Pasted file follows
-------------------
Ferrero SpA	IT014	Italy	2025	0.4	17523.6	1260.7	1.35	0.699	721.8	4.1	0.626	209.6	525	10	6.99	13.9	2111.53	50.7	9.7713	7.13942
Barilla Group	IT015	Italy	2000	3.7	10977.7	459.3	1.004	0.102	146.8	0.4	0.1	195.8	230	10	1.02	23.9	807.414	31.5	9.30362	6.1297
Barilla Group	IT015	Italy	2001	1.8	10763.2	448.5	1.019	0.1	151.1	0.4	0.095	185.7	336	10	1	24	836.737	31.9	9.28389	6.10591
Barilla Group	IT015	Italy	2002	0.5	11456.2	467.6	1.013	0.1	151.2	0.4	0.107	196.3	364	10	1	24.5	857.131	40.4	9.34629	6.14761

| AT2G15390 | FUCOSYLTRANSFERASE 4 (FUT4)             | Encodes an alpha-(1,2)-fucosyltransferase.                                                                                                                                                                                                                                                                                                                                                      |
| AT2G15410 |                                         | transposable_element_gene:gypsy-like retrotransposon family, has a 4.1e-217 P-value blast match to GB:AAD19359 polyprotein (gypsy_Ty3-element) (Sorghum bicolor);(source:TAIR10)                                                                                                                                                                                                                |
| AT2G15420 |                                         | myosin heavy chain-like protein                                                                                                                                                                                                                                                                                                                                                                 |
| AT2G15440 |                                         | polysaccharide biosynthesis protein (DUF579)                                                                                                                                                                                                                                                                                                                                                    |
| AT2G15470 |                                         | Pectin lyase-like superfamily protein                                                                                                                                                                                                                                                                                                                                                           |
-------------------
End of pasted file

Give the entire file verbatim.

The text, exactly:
Ferrero SpA	IT014	Italy	2025	0.4	17523.6	1260.7	1.35	0.699	721.8	4.1	0.626	209.6	525	10	6.99	13.9	2111.53	50.7	9.7713	7.13942
Barilla Group	IT015	Italy	2000	3.7	10977.7	459.3	1.004	0.102	146.8	0.4	0.1	195.8	230	10	1.02	23.9	807.414	31.5	9.30362	6.1297
Barilla Group	IT015	Italy	2001	1.8	10763.2	448.5	1.019	0.1	151.1	0.4	0.095	185.7	336	10	1	24	836.737	31.9	9.28389	6.10591
Barilla Group	IT015	Italy	2002	0.5	11456.2	467.6	1.013	0.1	151.2	0.4	0.107	196.3	364	10	1	24.5	857.131	40.4	9.34629	6.14761

| AT2G15390 | FUCOSYLTRANSFERASE 4 (FUT4)             | Encodes an alpha-(1,2)-fucosyltransferase.                                                                                                                                                                                                                                                                                                                                                      |
| AT2G15410 |                                         | transposable_element_gene:gypsy-like retrotransposon family, has a 4.1e-217 P-value blast match to GB:AAD19359 polyprotein (gypsy_Ty3-element) (Sorghum bicolor);(source:TAIR10)                                                                                                                                                                                                                |
| AT2G15420 |                                         | myosin heavy chain-like protein                                                                                                                                                                                                                                                                                                                                                                 |
| AT2G15440 |                                         | polysaccharide biosynthesis protein (DUF579)                                                                                                                                                                                                                                                                                                                                                    |
| AT2G15470 |                                         | Pectin lyase-like superfamily protein                                                                                                                                                                                                                                                                                                                                                           |